Major Aquifers of Utah
Related to the physiographic provinces of Utah, the major aquifers in Utah are characterized by the unique geologic conditions of each province. The three aquifer areas in Utah are the Colorado Plateau, Basin and Range, and the Central Mountains.
The Colorado Plateau aquifers underlie a broad area of regional uplift in southeastern and south-central Utah. They are characterized by essentially flat-lying Mesozoic and Paleozoic sedimentary rocks, the age of which ranges from 541 to 66 million years old. The rocks are flat-lying in most places due to a lack of major faulting and folding in most of the region. The aquifers vary in rock type, degree of cementation, and hydraulic characteristics.
Primary porosity (i.e., space between sand grains, vesicles in volcanic rocks; see Groundwater and Aquifers) is often low due to compaction and cementation during consolidation, so secondary porosity (i.e., joints, fractures, and bedding planes) transmits the majority of groundwater flow. Aquifers of the Colorado Plateau are often interbedded with relatively impermeable fine-grained rocks like shale or siltstone, causing confined conditions. In confined conditions, the water is under pressure so that the water level in a sealed well would rise above the top of the aquifer layer.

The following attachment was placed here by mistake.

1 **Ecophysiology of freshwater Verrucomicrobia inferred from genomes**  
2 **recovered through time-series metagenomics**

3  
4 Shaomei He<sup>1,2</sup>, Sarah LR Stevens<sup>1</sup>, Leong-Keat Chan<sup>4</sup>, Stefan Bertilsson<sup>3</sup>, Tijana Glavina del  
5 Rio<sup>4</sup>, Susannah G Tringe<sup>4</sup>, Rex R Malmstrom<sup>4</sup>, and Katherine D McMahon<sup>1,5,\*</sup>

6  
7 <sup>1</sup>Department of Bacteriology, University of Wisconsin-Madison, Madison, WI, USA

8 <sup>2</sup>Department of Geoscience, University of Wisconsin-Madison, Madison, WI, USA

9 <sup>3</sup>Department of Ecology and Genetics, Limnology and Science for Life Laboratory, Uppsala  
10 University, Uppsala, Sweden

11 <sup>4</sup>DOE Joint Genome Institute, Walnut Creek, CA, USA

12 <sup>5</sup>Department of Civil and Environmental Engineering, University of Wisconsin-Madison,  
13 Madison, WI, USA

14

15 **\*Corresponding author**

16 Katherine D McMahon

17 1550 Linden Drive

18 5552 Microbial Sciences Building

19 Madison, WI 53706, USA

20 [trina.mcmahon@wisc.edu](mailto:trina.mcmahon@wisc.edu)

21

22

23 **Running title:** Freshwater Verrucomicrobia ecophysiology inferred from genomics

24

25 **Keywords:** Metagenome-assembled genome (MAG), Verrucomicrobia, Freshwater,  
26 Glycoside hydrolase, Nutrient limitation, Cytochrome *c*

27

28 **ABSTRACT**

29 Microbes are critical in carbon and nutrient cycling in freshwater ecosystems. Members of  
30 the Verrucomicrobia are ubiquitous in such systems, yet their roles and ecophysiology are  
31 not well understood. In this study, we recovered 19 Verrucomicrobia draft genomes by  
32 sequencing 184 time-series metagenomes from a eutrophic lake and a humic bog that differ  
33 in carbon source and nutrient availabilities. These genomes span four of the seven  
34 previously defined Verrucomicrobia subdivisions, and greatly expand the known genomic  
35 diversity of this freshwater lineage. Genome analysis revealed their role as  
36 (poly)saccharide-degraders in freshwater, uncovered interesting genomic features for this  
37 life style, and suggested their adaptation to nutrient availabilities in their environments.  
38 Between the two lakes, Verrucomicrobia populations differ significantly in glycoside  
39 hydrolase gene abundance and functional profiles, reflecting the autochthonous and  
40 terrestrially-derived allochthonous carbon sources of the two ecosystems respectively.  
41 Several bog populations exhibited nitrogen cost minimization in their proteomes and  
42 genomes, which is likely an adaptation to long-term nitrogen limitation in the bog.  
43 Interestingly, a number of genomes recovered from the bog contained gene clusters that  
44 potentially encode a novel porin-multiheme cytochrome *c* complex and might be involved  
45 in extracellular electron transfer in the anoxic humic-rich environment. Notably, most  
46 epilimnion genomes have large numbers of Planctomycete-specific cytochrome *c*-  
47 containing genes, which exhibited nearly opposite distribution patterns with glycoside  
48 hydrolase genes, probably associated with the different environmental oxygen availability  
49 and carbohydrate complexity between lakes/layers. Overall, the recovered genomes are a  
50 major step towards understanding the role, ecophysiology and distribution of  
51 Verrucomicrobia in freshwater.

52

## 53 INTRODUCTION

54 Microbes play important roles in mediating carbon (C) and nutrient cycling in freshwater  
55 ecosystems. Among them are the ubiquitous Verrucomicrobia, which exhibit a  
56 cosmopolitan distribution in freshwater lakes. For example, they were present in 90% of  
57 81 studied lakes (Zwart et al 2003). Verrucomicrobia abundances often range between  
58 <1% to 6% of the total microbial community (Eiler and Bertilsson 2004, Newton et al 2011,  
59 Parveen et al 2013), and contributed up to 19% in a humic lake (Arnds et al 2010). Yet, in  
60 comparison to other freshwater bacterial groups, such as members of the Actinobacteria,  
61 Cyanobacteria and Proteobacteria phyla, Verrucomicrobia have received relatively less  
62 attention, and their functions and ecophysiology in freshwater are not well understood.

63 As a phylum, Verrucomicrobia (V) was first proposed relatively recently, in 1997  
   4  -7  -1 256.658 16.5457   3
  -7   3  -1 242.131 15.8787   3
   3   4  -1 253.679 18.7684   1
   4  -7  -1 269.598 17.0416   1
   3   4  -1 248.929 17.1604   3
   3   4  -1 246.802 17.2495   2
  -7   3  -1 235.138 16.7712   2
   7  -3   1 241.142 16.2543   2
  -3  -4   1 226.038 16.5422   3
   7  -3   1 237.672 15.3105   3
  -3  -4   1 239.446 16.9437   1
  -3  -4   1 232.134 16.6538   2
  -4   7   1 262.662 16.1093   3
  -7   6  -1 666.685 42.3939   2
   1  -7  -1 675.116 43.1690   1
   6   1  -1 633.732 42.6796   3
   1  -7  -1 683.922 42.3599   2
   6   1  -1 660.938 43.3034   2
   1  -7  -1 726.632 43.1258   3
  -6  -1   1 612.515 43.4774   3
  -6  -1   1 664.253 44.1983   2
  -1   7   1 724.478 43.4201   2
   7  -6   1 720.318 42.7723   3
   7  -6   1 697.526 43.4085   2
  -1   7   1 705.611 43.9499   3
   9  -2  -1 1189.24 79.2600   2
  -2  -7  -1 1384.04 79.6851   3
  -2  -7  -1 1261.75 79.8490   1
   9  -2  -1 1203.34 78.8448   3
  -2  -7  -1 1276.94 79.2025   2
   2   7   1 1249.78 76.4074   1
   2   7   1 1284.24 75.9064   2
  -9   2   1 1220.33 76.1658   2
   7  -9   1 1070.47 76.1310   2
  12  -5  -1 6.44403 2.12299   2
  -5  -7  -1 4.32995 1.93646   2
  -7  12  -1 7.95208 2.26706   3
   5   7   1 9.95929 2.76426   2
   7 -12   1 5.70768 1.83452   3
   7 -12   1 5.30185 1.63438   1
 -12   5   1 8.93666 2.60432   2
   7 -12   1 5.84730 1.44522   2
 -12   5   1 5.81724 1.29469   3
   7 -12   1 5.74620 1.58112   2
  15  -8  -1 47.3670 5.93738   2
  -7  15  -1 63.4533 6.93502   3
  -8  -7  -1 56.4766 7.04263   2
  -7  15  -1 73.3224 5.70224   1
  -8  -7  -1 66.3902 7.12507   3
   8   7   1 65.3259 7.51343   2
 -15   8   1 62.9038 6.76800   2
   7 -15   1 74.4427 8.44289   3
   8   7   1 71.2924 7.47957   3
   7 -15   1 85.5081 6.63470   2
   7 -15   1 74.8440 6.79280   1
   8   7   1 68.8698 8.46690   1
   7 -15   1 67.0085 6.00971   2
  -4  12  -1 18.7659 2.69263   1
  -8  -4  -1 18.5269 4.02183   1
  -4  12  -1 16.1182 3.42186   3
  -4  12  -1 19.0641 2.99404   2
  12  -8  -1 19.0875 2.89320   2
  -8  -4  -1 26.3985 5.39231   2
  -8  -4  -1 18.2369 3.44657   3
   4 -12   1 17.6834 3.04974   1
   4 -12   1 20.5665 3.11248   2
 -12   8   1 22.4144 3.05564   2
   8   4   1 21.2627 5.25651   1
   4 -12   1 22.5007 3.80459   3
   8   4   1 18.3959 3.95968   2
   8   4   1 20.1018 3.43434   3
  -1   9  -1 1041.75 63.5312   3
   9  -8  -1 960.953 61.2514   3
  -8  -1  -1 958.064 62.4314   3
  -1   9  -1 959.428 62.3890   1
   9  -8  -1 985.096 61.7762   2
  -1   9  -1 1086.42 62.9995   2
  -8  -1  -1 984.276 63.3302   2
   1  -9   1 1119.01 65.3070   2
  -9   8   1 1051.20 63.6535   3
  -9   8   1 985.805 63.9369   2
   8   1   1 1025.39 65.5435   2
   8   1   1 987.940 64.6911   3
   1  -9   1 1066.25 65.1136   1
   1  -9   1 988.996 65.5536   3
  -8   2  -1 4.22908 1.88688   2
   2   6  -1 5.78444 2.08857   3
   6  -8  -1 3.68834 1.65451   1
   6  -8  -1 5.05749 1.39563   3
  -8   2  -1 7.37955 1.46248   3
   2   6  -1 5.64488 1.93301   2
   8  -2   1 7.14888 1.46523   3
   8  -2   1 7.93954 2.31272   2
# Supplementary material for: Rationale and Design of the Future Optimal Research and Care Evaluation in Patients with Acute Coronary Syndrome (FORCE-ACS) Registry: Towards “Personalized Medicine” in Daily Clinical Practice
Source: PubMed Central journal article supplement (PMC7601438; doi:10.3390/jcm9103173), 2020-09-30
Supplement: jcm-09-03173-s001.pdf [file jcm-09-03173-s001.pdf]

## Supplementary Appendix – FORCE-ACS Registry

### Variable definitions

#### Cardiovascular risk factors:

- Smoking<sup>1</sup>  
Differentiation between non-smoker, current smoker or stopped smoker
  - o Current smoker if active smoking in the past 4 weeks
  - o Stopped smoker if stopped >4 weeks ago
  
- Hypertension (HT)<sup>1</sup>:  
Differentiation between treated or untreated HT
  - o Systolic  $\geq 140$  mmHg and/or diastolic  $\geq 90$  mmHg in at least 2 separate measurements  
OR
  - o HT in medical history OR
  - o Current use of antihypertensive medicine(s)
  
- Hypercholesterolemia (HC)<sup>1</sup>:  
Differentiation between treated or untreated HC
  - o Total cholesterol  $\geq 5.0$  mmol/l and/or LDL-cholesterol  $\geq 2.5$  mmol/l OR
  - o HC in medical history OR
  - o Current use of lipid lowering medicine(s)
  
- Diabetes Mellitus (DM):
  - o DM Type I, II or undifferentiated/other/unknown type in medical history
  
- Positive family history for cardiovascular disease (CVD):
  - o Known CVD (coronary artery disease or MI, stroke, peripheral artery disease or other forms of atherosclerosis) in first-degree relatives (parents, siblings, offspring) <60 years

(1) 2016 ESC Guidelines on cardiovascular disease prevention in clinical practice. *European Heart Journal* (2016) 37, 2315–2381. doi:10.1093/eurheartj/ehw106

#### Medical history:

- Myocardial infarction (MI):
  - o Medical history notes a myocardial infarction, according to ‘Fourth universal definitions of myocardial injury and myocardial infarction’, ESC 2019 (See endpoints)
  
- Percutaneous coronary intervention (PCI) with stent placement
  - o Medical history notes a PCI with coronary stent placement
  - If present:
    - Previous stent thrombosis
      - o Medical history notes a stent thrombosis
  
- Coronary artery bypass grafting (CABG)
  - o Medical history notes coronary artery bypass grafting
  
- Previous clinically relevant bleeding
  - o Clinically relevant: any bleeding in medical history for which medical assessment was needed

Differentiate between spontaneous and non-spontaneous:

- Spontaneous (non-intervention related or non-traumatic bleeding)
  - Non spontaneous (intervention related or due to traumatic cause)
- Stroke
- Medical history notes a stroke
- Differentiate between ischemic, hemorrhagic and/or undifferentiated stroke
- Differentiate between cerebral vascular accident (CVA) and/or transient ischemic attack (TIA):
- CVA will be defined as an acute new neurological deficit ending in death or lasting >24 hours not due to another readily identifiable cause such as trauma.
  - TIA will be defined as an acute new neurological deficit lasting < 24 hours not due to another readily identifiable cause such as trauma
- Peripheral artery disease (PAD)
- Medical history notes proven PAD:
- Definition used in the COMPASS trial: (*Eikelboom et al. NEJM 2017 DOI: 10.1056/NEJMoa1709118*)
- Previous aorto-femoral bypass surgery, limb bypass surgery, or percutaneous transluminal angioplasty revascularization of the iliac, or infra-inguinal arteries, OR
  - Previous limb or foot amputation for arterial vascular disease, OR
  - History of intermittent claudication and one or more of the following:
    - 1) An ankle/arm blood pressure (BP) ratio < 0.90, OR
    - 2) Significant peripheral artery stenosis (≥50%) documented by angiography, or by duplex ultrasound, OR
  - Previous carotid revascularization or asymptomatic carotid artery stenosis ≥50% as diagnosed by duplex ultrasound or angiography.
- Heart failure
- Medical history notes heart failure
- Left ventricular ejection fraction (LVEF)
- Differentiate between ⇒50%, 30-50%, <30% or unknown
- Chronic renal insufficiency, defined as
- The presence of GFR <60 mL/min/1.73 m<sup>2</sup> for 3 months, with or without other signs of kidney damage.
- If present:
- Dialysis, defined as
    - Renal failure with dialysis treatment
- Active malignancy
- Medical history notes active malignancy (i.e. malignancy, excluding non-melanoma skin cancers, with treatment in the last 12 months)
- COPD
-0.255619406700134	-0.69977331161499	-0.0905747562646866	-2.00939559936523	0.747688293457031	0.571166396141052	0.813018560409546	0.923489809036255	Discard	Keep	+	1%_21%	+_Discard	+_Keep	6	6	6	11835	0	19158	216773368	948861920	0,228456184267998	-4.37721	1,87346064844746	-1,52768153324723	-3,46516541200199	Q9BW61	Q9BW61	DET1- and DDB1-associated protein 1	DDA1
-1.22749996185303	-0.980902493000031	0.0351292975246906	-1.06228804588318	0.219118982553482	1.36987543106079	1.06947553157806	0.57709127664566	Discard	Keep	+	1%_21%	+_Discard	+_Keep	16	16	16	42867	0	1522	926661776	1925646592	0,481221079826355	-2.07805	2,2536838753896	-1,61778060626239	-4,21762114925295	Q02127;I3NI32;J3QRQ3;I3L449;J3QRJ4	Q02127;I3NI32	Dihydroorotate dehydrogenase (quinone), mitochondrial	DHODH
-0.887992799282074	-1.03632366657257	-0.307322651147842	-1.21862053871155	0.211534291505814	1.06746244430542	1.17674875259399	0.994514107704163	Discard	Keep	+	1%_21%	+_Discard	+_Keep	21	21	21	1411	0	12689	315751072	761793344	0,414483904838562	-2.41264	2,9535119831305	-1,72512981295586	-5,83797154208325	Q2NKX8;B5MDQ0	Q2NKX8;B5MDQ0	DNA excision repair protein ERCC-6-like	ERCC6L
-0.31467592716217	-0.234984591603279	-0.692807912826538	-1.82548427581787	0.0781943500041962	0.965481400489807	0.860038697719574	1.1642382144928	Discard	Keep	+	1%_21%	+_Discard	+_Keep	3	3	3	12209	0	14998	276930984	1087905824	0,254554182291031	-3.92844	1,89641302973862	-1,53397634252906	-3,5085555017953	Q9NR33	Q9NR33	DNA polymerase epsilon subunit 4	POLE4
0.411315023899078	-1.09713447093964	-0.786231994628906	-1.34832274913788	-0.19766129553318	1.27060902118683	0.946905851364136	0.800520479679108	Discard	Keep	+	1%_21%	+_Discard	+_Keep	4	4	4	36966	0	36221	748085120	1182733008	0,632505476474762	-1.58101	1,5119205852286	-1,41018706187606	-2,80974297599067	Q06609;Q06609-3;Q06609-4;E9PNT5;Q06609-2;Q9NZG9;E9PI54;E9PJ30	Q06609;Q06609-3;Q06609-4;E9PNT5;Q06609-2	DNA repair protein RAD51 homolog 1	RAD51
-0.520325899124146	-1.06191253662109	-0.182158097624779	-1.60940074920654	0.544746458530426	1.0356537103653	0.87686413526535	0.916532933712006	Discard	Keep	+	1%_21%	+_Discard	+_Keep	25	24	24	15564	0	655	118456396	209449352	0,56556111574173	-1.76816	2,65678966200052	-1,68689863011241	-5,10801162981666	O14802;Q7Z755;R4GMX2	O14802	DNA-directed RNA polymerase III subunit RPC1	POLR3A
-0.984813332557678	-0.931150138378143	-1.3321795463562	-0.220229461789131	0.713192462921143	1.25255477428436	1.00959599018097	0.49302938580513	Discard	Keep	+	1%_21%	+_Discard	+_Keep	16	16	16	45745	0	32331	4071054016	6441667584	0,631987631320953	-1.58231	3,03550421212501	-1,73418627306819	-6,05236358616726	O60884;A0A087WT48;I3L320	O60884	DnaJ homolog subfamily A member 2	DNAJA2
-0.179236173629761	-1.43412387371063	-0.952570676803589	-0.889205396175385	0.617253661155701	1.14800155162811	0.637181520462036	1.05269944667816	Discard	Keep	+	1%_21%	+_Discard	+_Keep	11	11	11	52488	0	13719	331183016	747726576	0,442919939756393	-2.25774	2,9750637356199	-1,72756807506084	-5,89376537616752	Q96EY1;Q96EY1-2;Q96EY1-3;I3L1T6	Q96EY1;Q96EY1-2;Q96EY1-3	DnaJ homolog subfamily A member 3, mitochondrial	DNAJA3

Water quality and quantity vary considerably in aquifers of the Colorado Plateau, but most areas are underlain by aquifers containing water sufficient for domestic and agricultural use.
Basin and Range
The Basin and Range region of western Utah has numerous north-south-oriented, fault-tilted mountain ranges separated by broad, sediment-filled basins. Two types of aquifers are present in the Basin and Range: alluvial aquifers and bedrock aquifers.
Alluvial aquifers are the primary aquifers in the Basin and Range and are found in thick deposits of mostly late Cenozoic basin fill (17 million years old to present day) between the mountain ranges. The basin fill consists of unconsolidated to moderately consolidated, well to poorly sorted gravel, sand, silt, and clay.
Mesozoic and Paleozoic sedimentary rocks (ranging from 541 to 66 million years old) and their metamorphic equivalents are present in the mountain ranges and beneath the basin fill.
Carbonate (limestone and dolomite) aquifers exist in the mountain ranges and basins where consolidated carbonate rock has undergone enough fracturing and dissolution to allow groundwater flow.
The Central Mountains region of northeastern and central Utah consists of mountainous terrain, stream valleys, and alluvial basins. It includes the north-south-trending Wasatch Range, composed mainly of pre-Cenozoic sedimentary and Cenozoic silicic plutonic rocks, and the east-west-trending Uinta Mountains, composed mainly of Precambrian sedimentary and metamorphic rocks (541 million years old and older).
Alluvial aquifers from rivers and floodplains occur throughout the Central Mountains region in thin deposits of Quaternary-age valley fill, like Ogden Valley and Round Valley. Aquifers are also present in sedimentary rocks (i.e., limestone and sandstone), although less commonly.